Yuwana and Seborg [11], the method is applicable to most of the open-loop stable

systems with dead time. Subsequently, the above method was modified by Jutan and

Rodriguez [12], Lee [13], and Chen [14]. They identified a first-order with delay model

by matching the closed-loop setpoint response with a standard oscillating second-order

step response. Later, for the controller parameters calculation, they mainly utilized the

Ziegler-Nichols [15] tuning rules, which could give tight controller setting but other

tuning rules e.g., IMC-PID by Shamsuzzoha and Lee [3] could also be used. Lee et al.

[16] further reinvestigated the Yuwana and Seborg [11] method by identifying the

processes with a second-order plus dead-time model under closed-loop conditions. They

utilized the Taylor series expansion of the dead-time term with the combination of the

ultimate data matching technique of Chen [14] for second-order plus dead-time model.

However, the resulting Lee et al. [16] method gives relatively better performance and

robustness over the other closed-loop methods [11, 12, 13, 14], albeit at the expense of

increased degree of complexity and computation.

In most of the above mentioned tuning methods based on the closed-loop two-step

technique, at least five measurable quantities were required in the identification test to

obtain the process model. For example, the methods by Yuwana and Seborg [11], Lee

[13], Chen [14] and Lee et al. [16] need to identify first peak of the output response

(cp1), second peak of the output response (cp2), first minimum of the output response

(cm1), half-period of oscillation (t) and the steady-state value (c).

There are few problems associated with the above closed-loop experiment. (i) The

required number of measurable quantities are high i.e., at least five. (ii) For the low

value of overshoot, it is difficult to find the accurate value of the first minimum of the

output response (cm1) and second peak of the output response (cp2) from the step test

experiment. (iii) To obtain the precise value of cm1 and cp2, one has to generate the

3

output response of large overshoot with considerable oscillation. Furthermore, there are

several problems associated with the large overshoots. It gives a long settling time and

needs large input changes that are undesirable in chemical process industries.

The other alternative approach to both the above mentioned two step procedures is to

use the one step closed-loop experiments, that directly obtain controller setting without

finding process parameters. A very popular and old method is that of Ziegler-Nichols

(Z-N) [15]. It needs only the ultimate controller gain (Ku) and the period of oscillations

(Pu), which one can obtain directly from an experiment. For a PI-controller the

recommended settings are Kc=0.45, Ku and I=0.83Pu. Ziegler-Nichols [15] closed-loop

tuning method is still very widely used for controller tuning in industrial processes.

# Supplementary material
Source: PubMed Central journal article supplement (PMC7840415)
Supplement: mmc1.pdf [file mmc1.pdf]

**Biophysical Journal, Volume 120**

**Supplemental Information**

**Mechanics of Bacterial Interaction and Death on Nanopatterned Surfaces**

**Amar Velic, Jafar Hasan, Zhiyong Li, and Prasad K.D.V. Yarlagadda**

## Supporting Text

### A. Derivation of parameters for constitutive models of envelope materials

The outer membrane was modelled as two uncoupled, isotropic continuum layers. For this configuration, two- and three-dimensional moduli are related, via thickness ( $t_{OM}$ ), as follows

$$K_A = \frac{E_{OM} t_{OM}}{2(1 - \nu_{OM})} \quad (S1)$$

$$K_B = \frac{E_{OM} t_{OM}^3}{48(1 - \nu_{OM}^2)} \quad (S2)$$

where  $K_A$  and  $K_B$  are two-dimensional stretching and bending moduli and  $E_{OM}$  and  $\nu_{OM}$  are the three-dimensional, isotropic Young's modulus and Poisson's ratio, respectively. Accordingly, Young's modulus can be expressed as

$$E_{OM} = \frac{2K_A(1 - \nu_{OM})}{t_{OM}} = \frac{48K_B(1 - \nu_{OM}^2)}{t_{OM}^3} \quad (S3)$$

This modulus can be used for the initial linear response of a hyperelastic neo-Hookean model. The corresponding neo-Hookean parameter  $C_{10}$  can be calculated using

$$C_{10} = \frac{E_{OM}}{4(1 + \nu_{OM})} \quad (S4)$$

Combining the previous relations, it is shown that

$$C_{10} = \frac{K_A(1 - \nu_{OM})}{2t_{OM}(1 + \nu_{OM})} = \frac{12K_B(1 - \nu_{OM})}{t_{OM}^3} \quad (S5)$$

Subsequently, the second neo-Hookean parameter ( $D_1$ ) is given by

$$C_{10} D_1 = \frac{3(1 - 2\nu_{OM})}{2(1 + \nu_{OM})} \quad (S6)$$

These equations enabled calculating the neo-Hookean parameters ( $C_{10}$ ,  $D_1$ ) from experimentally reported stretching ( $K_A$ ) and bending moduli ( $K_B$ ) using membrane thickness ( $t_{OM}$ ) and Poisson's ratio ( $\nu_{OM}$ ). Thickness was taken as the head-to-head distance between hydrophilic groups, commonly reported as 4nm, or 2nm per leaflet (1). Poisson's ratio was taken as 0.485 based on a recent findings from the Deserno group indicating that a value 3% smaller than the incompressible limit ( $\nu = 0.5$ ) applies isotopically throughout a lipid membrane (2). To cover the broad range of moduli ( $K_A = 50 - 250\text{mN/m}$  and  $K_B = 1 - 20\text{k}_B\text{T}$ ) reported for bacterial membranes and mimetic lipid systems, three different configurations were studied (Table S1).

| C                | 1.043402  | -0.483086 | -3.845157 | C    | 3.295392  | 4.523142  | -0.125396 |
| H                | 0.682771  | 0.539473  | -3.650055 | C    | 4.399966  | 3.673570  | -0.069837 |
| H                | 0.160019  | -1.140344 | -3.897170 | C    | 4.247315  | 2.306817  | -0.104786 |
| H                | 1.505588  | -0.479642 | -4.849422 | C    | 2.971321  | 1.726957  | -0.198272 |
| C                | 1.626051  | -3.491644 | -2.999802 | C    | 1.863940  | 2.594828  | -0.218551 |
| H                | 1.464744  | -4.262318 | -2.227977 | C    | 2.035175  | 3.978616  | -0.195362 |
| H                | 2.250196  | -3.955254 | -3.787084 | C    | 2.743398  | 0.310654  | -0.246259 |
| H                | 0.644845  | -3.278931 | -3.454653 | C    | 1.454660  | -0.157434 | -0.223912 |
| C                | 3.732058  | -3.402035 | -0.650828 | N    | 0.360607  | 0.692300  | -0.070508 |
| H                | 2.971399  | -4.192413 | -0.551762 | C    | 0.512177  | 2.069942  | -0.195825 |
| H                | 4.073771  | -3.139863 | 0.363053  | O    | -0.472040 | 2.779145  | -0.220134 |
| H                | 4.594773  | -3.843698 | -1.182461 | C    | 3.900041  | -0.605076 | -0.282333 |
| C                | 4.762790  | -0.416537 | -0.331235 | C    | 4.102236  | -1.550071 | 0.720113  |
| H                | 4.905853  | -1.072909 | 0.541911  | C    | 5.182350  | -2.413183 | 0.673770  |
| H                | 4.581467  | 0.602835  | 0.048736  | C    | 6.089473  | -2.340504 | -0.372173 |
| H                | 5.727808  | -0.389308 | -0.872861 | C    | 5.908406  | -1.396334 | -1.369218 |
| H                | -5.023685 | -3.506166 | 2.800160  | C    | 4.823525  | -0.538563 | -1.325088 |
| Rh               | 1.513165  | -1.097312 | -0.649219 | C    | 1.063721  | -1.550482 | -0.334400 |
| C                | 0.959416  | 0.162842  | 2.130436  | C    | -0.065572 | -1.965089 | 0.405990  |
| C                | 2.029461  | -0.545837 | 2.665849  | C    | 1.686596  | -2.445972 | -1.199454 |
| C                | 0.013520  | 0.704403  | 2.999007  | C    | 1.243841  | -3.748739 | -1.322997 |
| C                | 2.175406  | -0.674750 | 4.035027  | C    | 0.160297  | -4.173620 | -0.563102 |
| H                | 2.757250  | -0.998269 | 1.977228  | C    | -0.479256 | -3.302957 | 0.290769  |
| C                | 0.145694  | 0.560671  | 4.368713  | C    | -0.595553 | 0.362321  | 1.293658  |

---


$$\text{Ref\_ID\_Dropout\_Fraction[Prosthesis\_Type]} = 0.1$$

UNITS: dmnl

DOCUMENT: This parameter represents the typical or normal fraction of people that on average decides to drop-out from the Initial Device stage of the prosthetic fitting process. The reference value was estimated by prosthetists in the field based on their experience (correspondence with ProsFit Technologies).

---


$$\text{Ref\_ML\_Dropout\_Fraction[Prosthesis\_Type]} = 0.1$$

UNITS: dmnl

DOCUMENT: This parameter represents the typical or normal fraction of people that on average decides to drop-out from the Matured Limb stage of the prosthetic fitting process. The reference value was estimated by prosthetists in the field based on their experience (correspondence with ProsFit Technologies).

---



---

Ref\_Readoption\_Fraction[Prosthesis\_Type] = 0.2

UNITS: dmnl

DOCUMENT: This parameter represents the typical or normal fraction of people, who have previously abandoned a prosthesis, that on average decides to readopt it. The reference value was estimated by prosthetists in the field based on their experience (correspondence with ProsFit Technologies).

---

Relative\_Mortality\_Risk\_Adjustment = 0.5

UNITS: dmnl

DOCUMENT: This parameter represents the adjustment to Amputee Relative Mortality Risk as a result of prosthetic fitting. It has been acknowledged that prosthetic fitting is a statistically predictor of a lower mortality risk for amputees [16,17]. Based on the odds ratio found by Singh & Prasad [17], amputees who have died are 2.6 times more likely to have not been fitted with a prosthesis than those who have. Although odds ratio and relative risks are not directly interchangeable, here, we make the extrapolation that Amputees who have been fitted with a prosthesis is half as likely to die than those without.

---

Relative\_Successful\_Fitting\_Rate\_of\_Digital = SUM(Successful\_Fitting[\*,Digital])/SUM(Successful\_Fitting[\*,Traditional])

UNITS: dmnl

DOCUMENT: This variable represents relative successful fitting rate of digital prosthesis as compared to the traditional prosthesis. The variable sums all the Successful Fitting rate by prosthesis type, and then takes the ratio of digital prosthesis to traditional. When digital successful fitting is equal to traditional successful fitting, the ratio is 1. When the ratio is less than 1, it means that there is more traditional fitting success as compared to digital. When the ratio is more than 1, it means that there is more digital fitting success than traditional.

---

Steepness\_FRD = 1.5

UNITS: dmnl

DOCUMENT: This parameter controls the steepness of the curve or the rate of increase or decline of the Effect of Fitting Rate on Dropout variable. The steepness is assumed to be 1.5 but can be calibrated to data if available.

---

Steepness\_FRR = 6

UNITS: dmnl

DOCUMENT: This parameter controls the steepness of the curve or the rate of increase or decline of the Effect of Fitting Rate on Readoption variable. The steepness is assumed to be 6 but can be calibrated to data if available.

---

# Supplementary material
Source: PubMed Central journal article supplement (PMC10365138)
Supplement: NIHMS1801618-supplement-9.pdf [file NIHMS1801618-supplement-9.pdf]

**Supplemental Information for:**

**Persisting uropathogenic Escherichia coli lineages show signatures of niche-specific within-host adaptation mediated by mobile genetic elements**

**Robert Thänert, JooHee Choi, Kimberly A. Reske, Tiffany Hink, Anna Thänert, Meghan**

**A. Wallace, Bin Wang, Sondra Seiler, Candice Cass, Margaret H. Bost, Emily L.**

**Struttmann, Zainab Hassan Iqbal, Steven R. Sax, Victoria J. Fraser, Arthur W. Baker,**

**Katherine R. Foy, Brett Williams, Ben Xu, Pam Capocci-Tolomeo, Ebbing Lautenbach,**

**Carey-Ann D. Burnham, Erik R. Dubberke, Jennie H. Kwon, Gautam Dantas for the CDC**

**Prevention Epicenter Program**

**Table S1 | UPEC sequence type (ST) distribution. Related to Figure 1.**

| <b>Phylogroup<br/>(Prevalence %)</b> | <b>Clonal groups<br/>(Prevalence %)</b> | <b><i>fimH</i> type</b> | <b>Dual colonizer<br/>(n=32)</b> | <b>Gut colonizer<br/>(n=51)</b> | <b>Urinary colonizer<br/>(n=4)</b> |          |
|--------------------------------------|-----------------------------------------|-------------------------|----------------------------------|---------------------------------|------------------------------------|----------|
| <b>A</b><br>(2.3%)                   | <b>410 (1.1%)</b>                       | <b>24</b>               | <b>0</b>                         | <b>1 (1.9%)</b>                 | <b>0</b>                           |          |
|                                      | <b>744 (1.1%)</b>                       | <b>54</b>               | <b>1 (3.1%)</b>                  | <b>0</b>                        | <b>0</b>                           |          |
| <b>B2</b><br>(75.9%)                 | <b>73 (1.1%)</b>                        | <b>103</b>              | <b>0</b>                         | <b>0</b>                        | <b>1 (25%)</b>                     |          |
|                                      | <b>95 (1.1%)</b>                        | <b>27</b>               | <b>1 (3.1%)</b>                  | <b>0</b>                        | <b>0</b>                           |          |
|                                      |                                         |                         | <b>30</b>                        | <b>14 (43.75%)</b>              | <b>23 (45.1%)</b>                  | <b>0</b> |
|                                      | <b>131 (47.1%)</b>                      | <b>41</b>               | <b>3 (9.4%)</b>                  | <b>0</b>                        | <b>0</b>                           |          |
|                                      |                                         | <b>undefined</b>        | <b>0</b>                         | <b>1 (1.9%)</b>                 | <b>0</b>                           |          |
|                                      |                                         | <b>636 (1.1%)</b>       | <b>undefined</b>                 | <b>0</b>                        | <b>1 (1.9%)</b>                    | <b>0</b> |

However, there are several disadvantages of this method.

The most significant is that in the Z-N method we actually push the process to the limit

of instability as we search for the Ku. Creeping up on the ultimate gain can be very time

consuming, but if we try to save time by making large adjustments in the search for the

Ku, it is very likely that the process will actually become unstable, at least for a brief

period.

The remedy for the above problem is to introduce the relay method of strm and

Hgglund, [17] which requires the feature of switching on/off-control in the system.

One more drawback is that the Z-N [15] tuning setting does not work satisfactorily on

all processes. The prescribed controller settings are somewhat aggressive for lagdominant (integrating) processes (Tyreus and Luyben, [18]) and sluggish for dead time

dominant process (Skogestad, [5]). The third disadvantage, of the Ziegler-Nichols [15]

method is that it is not applicable to a simple second-order process.

Haugen [19] has developed the Good Gain Method which is entirely on the basis of the

trial and error approach to find the suitable controller gain and finally the tuning

parameters. Hu and Xiao [20] have developed an analytical PI tuning method which is

similar to the setpoint overshoot method [10]. Skogestad and Grimholt [21, 22] have

claimed that it is hard to obtain a better performance than SIMC, at least for PI control

based on a first order with time delay model. Seki and Shigemasa [23] have proposed

the method to retune the existing controller based on comparing the closed-loop

responses. Veronesi and Visioli [24] have also claimed for retuning of an existing PI

controller for better performance and robustness.

Recently, Alcantara et al. [25] have addressed the model-based tuning of PI/PID

controller based on the robustness/performance and servo/regulator trade-offs. The

interesting feature of the study has been to show how to shift each compromise based